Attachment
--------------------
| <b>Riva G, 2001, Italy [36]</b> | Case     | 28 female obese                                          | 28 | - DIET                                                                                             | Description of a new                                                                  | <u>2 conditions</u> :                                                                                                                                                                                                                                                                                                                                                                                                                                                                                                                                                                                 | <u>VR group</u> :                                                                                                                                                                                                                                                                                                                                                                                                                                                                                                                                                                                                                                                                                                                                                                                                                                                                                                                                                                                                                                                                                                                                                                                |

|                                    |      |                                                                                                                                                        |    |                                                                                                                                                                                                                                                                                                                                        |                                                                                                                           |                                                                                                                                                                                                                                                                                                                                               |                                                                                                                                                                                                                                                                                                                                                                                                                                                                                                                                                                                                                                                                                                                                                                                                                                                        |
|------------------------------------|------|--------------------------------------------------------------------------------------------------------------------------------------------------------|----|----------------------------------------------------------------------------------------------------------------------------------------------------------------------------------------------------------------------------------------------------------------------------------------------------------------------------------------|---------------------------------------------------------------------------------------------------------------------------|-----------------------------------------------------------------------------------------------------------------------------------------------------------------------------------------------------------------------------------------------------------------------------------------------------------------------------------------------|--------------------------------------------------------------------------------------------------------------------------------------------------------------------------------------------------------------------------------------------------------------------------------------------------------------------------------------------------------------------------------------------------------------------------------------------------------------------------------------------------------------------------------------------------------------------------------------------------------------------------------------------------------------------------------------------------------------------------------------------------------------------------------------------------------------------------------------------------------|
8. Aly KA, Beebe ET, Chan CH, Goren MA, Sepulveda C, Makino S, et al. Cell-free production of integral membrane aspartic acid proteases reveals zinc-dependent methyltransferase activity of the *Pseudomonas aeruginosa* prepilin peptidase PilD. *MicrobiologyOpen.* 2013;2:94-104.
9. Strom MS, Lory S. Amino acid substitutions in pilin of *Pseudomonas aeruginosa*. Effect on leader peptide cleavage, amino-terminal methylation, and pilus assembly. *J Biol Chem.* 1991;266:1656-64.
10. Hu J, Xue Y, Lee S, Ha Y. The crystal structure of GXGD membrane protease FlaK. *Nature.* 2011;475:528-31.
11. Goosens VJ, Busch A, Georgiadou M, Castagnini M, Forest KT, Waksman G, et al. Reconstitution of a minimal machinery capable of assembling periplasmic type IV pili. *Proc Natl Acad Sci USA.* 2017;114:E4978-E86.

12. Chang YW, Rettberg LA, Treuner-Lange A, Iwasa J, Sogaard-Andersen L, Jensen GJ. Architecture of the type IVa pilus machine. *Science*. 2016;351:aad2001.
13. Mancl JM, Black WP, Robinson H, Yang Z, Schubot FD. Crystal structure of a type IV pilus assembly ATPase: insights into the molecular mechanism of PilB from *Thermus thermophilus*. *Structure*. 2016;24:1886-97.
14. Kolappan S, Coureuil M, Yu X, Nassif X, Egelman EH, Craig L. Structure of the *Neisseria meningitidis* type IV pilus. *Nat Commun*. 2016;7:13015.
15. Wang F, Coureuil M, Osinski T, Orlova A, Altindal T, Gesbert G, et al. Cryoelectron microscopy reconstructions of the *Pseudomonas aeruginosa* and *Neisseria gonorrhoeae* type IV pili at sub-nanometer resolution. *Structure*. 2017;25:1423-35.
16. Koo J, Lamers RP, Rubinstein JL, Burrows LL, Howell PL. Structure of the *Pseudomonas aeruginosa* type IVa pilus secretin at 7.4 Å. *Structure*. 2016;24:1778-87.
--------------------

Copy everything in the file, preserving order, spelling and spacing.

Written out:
| <b>Riva G, 2001, Italy [36]</b> | Case     | 28 female obese                                          | 28 | - DIET                                                                                             | Description of a new                                                                  | <u>2 conditions</u> :                                                                                                                                                                                                                                                                                                                                                                                                                                                                                                                                                                                 | <u>VR group</u> :                                                                                                                                                                                                                                                                                                                                                                                                                                                                                                                                                                                                                                                                                                                                                                                                                                                                                                                                                                                                                                                                                                                                                                                |

|                                    |      |                                                                                                                                                        |    |                                                                                                                                                                                                                                                                                                                                        |                                                                                                                           |                                                                                                                                                                                                                                                                                                                                               |                                                                                                                                                                                                                                                                                                                                                                                                                                                                                                                                                                                                                                                                                                                                                                                                                                                        |
|------------------------------------|------|--------------------------------------------------------------------------------------------------------------------------------------------------------|----|----------------------------------------------------------------------------------------------------------------------------------------------------------------------------------------------------------------------------------------------------------------------------------------------------------------------------------------|---------------------------------------------------------------------------------------------------------------------------|-----------------------------------------------------------------------------------------------------------------------------------------------------------------------------------------------------------------------------------------------------------------------------------------------------------------------------------------------|--------------------------------------------------------------------------------------------------------------------------------------------------------------------------------------------------------------------------------------------------------------------------------------------------------------------------------------------------------------------------------------------------------------------------------------------------------------------------------------------------------------------------------------------------------------------------------------------------------------------------------------------------------------------------------------------------------------------------------------------------------------------------------------------------------------------------------------------------------|
8. Aly KA, Beebe ET, Chan CH, Goren MA, Sepulveda C, Makino S, et al. Cell-free production of integral membrane aspartic acid proteases reveals zinc-dependent methyltransferase activity of the *Pseudomonas aeruginosa* prepilin peptidase PilD. *MicrobiologyOpen.* 2013;2:94-104.
9. Strom MS, Lory S. Amino acid substitutions in pilin of *Pseudomonas aeruginosa*. Effect on leader peptide cleavage, amino-terminal methylation, and pilus assembly. *J Biol Chem.* 1991;266:1656-64.
10. Hu J, Xue Y, Lee S, Ha Y. The crystal structure of GXGD membrane protease FlaK. *Nature.* 2011;475:528-31.
11. Goosens VJ, Busch A, Georgiadou M, Castagnini M, Forest KT, Waksman G, et al. Reconstitution of a minimal machinery capable of assembling periplasmic type IV pili. *Proc Natl Acad Sci USA.* 2017;114:E4978-E86.

12. Chang YW, Rettberg LA, Treuner-Lange A, Iwasa J, Sogaard-Andersen L, Jensen GJ. Architecture of the type IVa pilus machine. *Science*. 2016;351:aad2001.
13. Mancl JM, Black WP, Robinson H, Yang Z, Schubot FD. Crystal structure of a type IV pilus assembly ATPase: insights into the molecular mechanism of PilB from *Thermus thermophilus*. *Structure*. 2016;24:1886-97.
14. Kolappan S, Coureuil M, Yu X, Nassif X, Egelman EH, Craig L. Structure of the *Neisseria meningitidis* type IV pilus. *Nat Commun*. 2016;7:13015.
15. Wang F, Coureuil M, Osinski T, Orlova A, Altindal T, Gesbert G, et al. Cryoelectron microscopy reconstructions of the *Pseudomonas aeruginosa* and *Neisseria gonorrhoeae* type IV pili at sub-nanometer resolution. *Structure*. 2017;25:1423-35.
16. Koo J, Lamers RP, Rubinstein JL, Burrows LL, Howell PL. Structure of the *Pseudomonas aeruginosa* type IVa pilus secretin at 7.4 Å. *Structure*. 2016;24:1778-87.